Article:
Friday, February 14, 2014

We Will Never Forget You

 He was listed for adoption when he was just a little guy.

A dark eyes and dark haired little Roma boy.

He grew up in the orphanage... waiting... longing for a family.
He watched his best friend adopted at nine to a family who promised they would find a family for him.
Others met him and stormed heaven for him.
Finally.  Finally, a sweet family found him.  He had two older sisters who were also available so they crossed the ocean to get all three.
Before they got there he was transferred away from his sisters to an all boys institute. Within six weeks he was struck down with an infection (Guillian-Barre) that rendered him paralyzed.
I want to share this part of the story in their own words..
In March of 2011, we traveled to adopt him. His sisters had decided a few weeks prior that they did not desire to be adopted. As we drove away from the Adoption Center in our taxi, with his referral in hand, our facilitator received the call that he had been hit by a car the day before.  He had a broken leg, stitches around his eye and multiple bruises.

We met him in the hospital and he was so sweet!   He very much wanted to be adopted and had been fearful we might not want him due to this accident. We were anticipating taking him home in a wheelchair due to the paralysis so no issue for us. Amazingly, the accident brought back the feeling in his legs and he has had no paralysis since!!

It was legal to adopt him separate from his sisters due to the length of time and distance he had been separated from them. They were willing to sign agreeing for him to be adopted but the inspector in their city refused to allow the separation. We traveled back the following week, March 29, two days before his 13th birthday, to tell him the adoption was refused. It was so hard to leave him in that hospital alone. He looked up at me and said, in perfect English, "Good mother, good father." Our last words to him were, "We will never forget you."

In November of 2013, the family returned to try again to adopt the boy with the beautiful dimples now that his sisters were aged out.  He was 15, only a few months from aging out.  Sadly, for personal reason, they were denied the petition.  He lost the same family two times in a row.

They despaired.

He despaired.

His chances for a family down to a matter of months.

They went home and wept.  And then they began to share.  Advocate.  Storm heaven for their boy.  Praying for someone else to adopt their son.

And across the ocean... on a mission to adopt two other sons... a family heard the cries.

They were in country.  Adopting two boys that YOU helped bring home. 

You gave and gave and gave again so that Ianto and Lane could be free.

They are on their way home as I write this post.  They are on their way home!
Touching down on US soil in a matter of days.

But that isn't the end of the story.
You see they were approved for three.
So they had one more referral.
In the midst of the crazy process they were going through to adopt two boys in two separate regions... they stopped and listened to the cries for this other boy.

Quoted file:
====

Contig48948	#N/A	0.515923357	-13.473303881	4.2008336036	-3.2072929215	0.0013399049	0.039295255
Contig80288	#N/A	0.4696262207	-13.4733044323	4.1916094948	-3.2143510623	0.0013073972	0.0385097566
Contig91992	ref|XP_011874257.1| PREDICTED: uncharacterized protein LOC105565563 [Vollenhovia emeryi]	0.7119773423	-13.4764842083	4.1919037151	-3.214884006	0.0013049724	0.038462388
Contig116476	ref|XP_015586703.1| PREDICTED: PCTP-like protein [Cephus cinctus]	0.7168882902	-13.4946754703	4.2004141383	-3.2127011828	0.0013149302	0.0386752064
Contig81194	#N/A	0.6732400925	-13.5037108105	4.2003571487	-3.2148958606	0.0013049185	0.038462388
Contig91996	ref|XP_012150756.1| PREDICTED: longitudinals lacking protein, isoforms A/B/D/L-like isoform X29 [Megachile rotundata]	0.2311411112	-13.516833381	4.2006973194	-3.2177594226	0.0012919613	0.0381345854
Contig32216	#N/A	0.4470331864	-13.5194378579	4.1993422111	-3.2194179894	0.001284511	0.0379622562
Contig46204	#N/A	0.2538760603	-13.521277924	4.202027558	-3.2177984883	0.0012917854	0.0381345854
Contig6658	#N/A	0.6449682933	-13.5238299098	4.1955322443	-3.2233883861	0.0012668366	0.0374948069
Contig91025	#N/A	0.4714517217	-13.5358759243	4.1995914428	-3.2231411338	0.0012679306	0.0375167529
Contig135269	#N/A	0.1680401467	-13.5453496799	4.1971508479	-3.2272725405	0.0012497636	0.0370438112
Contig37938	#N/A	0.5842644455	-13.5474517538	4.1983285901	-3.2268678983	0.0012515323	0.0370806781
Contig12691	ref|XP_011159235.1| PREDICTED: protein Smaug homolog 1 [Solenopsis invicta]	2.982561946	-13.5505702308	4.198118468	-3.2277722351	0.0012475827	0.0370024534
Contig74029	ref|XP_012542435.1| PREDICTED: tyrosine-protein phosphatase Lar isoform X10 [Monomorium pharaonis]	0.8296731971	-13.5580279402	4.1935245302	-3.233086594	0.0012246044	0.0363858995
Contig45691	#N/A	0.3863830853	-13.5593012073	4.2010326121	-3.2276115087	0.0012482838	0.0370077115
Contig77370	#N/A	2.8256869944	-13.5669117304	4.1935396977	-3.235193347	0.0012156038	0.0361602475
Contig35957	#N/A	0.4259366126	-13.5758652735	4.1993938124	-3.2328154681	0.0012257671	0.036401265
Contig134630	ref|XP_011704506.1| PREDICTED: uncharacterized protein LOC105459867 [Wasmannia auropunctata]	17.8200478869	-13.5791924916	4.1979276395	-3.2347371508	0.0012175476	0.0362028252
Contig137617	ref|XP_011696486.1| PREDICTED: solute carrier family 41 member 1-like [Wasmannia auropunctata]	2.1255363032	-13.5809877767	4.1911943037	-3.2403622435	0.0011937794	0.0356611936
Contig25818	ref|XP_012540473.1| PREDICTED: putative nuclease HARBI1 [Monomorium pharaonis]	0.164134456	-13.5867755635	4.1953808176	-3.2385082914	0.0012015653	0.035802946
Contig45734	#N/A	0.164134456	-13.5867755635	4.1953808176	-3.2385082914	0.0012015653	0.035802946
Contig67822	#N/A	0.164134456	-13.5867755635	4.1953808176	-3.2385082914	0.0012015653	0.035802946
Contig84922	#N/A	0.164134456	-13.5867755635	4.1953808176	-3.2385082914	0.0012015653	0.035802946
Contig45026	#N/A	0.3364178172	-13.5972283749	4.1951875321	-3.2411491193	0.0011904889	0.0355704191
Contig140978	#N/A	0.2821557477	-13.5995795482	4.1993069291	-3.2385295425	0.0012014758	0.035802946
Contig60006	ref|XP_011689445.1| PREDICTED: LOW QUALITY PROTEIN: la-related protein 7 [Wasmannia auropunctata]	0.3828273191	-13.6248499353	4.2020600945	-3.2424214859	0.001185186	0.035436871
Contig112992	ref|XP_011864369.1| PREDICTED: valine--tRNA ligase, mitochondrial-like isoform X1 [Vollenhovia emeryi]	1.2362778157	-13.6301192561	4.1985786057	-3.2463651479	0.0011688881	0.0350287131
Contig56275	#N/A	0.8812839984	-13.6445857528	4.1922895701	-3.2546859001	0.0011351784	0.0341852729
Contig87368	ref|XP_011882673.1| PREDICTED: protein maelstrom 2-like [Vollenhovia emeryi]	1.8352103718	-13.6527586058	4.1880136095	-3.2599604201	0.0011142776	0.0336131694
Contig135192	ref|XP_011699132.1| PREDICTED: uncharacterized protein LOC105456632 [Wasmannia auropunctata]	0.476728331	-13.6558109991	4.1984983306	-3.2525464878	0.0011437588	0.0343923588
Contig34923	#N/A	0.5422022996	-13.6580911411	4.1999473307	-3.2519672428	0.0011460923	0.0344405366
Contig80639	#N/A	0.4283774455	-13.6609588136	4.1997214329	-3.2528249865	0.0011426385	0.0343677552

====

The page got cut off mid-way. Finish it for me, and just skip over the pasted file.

A boy with beautiful dimples but haunted eyes.
They were his last hope.
They said yes.  They would get him.
They contacted me and shared the story and asked me to advocate.   
 I didn't have time to blog.  They were on the fast track to get him.  I sent out a few e-mails to some people privately about helping them out. 
While I tried to quietly raise some support, the Rowes went to meet him in person and offer him one last chance.
He met them.  He heard their offer.
He panicked.   He said no.
He said no.
In shock they left him.  Sad.  Grieved. 
He said no.
And that was supposed to be the end of the story.
I sent e-mails to the people I had contacted privately.  Shared the sad news.  Grieved.
But God.
But God.
Emmett's first family found out he said no and they contacted him.  Calmed his terror, gave their blessing, soothed his grieving heart.
And with their whispered encouragement behind him, Emmett changed his mind.
Two weeks after saying a definite no, the Rowes were contacted.  He wanted them to come back. 
Adopt him.  Take him home.  Call him their son.
The Rowes had to make a hard decision.  It was no longer a fast track adoption process.  They were in the end of their process for the two boys and could not rewind time.  They HAD to go home.  Was he sure?  Was he sure?  Was the risk too great?  Would he really and truly say yes this time?
Last Friday they traveled back to his internat. 
With pen in hand he wrote out that he wanted to be adopted.
Take me.  Take me too!

And the Rowes said yes to the boy with the dimples and the quiet peace in his eyes.
It's impossible.
I told Janice that it was impossible.
They have to bring the two home and then go right back next weekend for court on February 24th.
It is crazy and ridiculous but they believe with all their heart that he is worth it.
They can't leave him behind.
They need a LOT of money.  Facilitation fees.  Travel fees.  Medical fees. Visas.  Everything.  They are totally and completely tapped out.  They were already short on the other adoptions. 
I've got nothing to offer.  Just a plea.
This boy has been through enough. 
He lost the same family twice.
He is taking a huge leap of faith as he chooses to let another family love him and call him son.
He turns 16 on March 31st.
That is my son Elijah's birthday.
He too turns 16.
They need $11,000.00 to get him.
Their grant account needs to read $40,000 to be fully funded.
For non-tax deductible donations:  CLICK HERE

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